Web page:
By Bianca Alarcon
Have you ever seen on social media like Tiktok, Snapchat or Instagram a “tw” or “cw” without knowing what they mean? Have you ever felt disturbed by certain content on the media? So, now you may be asking yourself, what is a trigger or content warning?
Well, a trigger warning is a statement at the beginning of a piece of writing, video, moovie, ect, cautioning people that it’s content that may be disturbing or upsetting. These trigger warnings work like “alerts”, letting people know that the material they are about to read/see might disturb them. These triggers come in many shapes and sizes; they may be a physical location on your body or the anniversary of a traumatic event. Also, a person could be triggered by stress or anxiety. On social media, this is present by writing “cw” or “tw” followed by the name of the trigger without censoring it.
For people who’ve experienced trauma, being triggered is very real and concerning. It may not be someone’s intention, but sometimes using a term or mentioning something may be very emotional or sensitive for others, adding to the stigma surrounding mental health.
Using trigger warnings is very beneficial as they help people who have experienced trauma to avoid “fight-or-flight” reactions that may occur when they are exposed to words or images that remind them of their trauma. This can also help people who are recovering from mental illnesses, suicidal tendencies and eating disorders. I believe they are a good way to help people cope with mental injuries such as post-traumatic stress disorder.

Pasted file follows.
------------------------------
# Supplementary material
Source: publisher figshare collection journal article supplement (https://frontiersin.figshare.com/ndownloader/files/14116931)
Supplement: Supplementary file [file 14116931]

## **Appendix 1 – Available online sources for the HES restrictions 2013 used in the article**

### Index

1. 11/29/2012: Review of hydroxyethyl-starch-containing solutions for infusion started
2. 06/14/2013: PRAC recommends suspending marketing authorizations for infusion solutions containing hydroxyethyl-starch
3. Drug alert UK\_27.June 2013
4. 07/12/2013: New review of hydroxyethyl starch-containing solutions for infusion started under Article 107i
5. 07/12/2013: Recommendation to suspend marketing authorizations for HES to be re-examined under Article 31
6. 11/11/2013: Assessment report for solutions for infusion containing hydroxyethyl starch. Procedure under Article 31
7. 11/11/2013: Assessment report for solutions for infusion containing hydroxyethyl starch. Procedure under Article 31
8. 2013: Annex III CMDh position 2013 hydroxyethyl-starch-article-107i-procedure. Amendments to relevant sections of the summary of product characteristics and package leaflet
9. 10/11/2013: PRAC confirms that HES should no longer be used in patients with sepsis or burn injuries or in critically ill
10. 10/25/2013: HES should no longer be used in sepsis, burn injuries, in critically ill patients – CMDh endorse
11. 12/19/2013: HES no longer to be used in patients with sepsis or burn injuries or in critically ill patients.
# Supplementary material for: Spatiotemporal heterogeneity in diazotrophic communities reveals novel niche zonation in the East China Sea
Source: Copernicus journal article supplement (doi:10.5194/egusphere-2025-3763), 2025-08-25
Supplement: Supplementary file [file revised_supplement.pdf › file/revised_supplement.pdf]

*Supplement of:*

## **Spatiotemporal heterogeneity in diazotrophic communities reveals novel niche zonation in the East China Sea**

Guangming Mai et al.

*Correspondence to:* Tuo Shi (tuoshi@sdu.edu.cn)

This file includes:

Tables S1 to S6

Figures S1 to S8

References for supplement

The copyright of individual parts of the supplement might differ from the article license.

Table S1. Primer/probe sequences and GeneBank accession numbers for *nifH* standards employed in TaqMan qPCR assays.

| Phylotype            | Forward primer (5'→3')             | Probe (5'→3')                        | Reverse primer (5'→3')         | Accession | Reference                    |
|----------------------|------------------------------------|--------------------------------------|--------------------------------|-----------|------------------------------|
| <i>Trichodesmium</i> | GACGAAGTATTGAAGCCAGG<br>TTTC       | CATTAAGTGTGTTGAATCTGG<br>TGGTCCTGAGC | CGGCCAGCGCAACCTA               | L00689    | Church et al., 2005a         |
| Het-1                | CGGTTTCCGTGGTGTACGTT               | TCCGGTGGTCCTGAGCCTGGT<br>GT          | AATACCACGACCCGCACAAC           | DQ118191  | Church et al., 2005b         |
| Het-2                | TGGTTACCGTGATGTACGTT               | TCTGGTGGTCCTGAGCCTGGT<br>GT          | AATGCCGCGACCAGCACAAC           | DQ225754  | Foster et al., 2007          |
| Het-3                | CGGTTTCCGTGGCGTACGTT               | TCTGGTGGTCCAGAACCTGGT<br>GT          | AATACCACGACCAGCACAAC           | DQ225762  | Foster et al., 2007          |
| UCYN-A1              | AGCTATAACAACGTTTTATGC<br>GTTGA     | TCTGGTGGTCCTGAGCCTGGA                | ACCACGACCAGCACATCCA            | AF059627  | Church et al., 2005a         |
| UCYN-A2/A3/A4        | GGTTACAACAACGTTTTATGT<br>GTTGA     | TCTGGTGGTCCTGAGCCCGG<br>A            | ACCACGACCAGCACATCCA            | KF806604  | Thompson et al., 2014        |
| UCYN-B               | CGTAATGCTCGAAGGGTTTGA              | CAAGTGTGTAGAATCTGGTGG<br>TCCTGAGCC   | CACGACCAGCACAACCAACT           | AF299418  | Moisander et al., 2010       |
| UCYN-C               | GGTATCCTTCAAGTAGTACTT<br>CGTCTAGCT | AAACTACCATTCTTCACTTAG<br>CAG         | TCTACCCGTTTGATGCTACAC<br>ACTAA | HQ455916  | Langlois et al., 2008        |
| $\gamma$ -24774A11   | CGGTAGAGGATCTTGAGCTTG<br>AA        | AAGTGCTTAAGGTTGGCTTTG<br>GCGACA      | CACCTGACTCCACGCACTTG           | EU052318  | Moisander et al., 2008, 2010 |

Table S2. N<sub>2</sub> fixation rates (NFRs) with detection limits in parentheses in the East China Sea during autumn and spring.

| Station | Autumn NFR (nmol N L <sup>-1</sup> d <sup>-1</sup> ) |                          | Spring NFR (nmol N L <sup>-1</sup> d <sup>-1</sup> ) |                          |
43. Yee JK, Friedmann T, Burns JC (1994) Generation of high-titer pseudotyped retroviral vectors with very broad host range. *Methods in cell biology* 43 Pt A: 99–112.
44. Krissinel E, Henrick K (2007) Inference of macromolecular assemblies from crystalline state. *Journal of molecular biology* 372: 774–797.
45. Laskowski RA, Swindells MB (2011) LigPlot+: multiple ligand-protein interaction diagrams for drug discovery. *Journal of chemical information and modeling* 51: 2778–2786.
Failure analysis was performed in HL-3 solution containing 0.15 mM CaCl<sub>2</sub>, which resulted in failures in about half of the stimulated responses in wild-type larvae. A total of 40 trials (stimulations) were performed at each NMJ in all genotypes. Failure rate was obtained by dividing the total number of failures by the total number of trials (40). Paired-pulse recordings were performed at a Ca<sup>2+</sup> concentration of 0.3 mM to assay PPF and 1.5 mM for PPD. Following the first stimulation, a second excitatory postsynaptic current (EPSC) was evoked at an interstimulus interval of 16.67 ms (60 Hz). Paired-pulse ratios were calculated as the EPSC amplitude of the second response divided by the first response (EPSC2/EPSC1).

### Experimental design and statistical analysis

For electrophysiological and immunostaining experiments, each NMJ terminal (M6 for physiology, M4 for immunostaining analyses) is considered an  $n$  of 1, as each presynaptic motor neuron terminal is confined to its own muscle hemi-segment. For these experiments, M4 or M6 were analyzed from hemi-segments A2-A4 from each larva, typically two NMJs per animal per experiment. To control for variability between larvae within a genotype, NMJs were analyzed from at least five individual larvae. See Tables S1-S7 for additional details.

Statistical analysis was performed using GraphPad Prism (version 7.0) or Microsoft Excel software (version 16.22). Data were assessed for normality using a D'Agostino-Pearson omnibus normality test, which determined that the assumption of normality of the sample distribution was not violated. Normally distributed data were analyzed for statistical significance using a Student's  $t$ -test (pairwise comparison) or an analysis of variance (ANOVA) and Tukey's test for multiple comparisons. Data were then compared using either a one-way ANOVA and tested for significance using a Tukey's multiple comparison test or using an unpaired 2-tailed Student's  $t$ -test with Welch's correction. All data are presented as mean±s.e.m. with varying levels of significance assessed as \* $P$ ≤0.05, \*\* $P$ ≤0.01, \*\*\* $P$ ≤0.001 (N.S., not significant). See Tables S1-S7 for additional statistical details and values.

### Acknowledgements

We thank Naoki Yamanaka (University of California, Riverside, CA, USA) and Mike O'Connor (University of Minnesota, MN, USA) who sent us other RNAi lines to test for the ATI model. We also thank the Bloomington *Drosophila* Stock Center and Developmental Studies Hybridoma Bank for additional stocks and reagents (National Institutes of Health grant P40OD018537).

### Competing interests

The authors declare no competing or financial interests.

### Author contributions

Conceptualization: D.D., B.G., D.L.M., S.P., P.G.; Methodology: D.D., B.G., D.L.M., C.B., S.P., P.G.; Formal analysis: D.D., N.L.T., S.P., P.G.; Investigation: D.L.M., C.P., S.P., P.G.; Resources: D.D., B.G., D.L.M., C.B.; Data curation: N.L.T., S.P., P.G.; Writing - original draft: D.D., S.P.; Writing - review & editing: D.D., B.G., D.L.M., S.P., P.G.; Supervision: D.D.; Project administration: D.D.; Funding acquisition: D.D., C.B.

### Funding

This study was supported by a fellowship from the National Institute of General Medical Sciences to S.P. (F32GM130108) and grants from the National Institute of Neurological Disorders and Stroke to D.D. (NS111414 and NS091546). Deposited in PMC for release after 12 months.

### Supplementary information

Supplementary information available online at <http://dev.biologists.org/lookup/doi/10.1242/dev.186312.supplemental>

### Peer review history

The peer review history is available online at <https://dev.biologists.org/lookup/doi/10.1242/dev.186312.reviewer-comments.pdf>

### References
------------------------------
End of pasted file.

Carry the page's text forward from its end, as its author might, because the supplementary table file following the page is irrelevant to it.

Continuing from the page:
On the other, recent studies contradict this. They state that trigger warnings have little or no benefit in decreasing the impact of this disturbing content and that in some cases, trigger warnings may make things worse. “Trigger warnings just don’t help” said Payton Jones, a clinical psychology doctoral student at Harvard. He explained that we need to give more attention to mental health care instead of just using cautions before giving content about it.
This study consisted of having a few hundred participants reading several passages. Half of the participants received no trigger warning however, the other half did receive a trigger warning. The results suggested that trigger warnings could actually generate anxiety making them counterproductive. But, the evidence on whether people actually avoid content based on trigger warnings is mixed.
As Richard McNally, a Harvard psychologist said “Rather than issuing trigger warnings we should facilitate the access to effective and proven treatments for P.T.S.D. (Post Traumatic Stress Disorder) and other mental health problems”. These traumatic events leave deep psychological scars that can appear again many years later as renewed emotional pain or unwanted memories. If you feel you need a trigger warning before watching or reading certain content, you may be needing better medical care.
Therefore, in my opinion, trigger warnigs are indeed very useful as they help people who have experienced trauma to avoid unwanted reactions that may occur when they are exposed to certain content. Yet, I also believe that we need to give more attention to mental health issues instead of just using trigger warinings.